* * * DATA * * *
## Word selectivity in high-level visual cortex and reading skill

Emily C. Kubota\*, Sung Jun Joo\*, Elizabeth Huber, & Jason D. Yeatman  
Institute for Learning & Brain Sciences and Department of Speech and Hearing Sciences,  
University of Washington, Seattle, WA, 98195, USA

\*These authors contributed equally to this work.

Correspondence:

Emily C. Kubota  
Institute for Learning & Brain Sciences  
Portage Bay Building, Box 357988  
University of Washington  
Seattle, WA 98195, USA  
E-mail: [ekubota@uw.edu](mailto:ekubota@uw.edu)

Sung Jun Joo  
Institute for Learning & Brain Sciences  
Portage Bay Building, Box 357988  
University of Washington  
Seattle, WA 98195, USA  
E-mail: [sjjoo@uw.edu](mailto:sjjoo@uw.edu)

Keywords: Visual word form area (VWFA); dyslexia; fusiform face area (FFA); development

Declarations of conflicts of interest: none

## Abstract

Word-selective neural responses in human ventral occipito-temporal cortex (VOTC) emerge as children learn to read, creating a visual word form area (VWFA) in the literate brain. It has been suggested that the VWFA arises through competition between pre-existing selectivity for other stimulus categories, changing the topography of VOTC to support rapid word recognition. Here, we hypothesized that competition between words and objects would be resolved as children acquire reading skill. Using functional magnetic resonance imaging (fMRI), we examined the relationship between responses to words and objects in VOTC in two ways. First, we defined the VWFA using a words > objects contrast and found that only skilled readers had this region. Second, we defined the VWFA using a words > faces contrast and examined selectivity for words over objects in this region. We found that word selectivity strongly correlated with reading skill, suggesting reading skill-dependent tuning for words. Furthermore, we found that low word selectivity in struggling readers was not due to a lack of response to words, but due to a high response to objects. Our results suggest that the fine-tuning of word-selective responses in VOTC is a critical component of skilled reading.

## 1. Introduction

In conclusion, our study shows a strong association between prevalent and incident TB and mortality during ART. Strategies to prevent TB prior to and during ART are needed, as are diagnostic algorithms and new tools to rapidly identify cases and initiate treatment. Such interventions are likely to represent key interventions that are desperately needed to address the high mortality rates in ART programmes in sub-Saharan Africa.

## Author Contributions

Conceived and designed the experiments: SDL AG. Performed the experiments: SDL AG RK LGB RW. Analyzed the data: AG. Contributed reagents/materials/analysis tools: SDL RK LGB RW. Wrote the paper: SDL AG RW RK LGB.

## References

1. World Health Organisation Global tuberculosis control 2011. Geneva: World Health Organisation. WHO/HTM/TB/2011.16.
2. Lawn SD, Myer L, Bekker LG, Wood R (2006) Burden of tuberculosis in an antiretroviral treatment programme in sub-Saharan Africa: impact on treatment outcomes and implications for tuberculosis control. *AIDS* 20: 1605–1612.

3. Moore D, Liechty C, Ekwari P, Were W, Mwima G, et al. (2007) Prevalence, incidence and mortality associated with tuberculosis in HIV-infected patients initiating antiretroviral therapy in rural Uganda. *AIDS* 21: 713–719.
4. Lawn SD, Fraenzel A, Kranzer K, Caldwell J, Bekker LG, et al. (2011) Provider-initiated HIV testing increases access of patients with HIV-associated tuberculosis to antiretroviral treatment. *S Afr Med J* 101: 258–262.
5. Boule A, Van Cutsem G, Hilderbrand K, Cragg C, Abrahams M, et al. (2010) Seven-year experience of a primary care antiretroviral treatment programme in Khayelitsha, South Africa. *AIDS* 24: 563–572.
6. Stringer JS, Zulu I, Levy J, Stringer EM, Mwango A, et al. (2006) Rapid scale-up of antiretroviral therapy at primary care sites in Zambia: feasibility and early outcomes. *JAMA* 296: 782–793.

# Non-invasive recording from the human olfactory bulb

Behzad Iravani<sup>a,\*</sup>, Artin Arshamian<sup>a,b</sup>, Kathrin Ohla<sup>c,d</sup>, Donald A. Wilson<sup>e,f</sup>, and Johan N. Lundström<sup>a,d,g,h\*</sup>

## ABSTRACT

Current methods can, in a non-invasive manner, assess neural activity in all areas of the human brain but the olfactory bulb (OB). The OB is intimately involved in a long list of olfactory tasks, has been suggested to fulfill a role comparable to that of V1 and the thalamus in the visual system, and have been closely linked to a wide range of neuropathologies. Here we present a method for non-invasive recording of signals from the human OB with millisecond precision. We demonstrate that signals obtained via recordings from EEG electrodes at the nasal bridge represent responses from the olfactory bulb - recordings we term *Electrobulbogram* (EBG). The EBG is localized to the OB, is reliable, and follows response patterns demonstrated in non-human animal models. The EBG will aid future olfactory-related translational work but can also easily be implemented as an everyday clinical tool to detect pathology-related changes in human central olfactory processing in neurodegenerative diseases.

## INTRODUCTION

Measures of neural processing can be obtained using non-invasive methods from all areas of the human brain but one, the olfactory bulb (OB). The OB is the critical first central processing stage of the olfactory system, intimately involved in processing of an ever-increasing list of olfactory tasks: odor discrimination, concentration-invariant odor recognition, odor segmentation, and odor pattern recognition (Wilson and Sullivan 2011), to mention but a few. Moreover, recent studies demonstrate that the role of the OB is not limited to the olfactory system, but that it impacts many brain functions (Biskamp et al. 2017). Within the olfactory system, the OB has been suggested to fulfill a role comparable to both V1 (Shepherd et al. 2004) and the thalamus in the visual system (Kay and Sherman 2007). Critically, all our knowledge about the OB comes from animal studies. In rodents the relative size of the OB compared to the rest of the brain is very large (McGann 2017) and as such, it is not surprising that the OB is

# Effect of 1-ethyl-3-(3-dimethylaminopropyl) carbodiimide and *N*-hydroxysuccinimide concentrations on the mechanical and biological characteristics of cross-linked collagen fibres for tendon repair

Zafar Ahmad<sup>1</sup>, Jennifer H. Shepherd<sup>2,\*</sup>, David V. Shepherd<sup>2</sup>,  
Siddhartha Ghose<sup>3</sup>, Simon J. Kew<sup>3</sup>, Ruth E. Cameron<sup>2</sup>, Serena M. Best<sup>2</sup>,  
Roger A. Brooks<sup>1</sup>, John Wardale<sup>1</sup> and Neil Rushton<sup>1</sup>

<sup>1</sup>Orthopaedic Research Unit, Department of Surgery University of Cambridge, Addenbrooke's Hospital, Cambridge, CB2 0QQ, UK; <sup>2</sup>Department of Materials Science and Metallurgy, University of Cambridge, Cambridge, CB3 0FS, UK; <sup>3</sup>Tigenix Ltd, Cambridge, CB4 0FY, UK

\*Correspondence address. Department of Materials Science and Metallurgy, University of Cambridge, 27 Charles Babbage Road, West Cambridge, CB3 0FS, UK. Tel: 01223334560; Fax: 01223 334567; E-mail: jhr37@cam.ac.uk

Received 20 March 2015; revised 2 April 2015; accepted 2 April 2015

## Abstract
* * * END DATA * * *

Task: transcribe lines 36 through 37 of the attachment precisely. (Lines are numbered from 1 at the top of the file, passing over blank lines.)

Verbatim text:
## ABSTRACT

Current methods can, in a non-invasive manner, assess neural activity in all areas of the human brain but the olfactory bulb (OB). The OB is intimately involved in a long list of olfactory tasks, has been suggested to fulfill a role comparable to that of V1 and the thalamus in the visual system, and have been closely linked to a wide range of neuropathologies. Here we present a method for non-invasive recording of signals from the human OB with millisecond precision. We demonstrate that signals obtained via recordings from EEG electrodes at the nasal bridge represent responses from the olfactory bulb - recordings we term *Electrobulbogram* (EBG). The EBG is localized to the OB, is reliable, and follows response patterns demonstrated in non-human animal models. The EBG will aid future olfactory-related translational work but can also easily be implemented as an everyday clinical tool to detect pathology-related changes in human central olfactory processing in neurodegenerative diseases.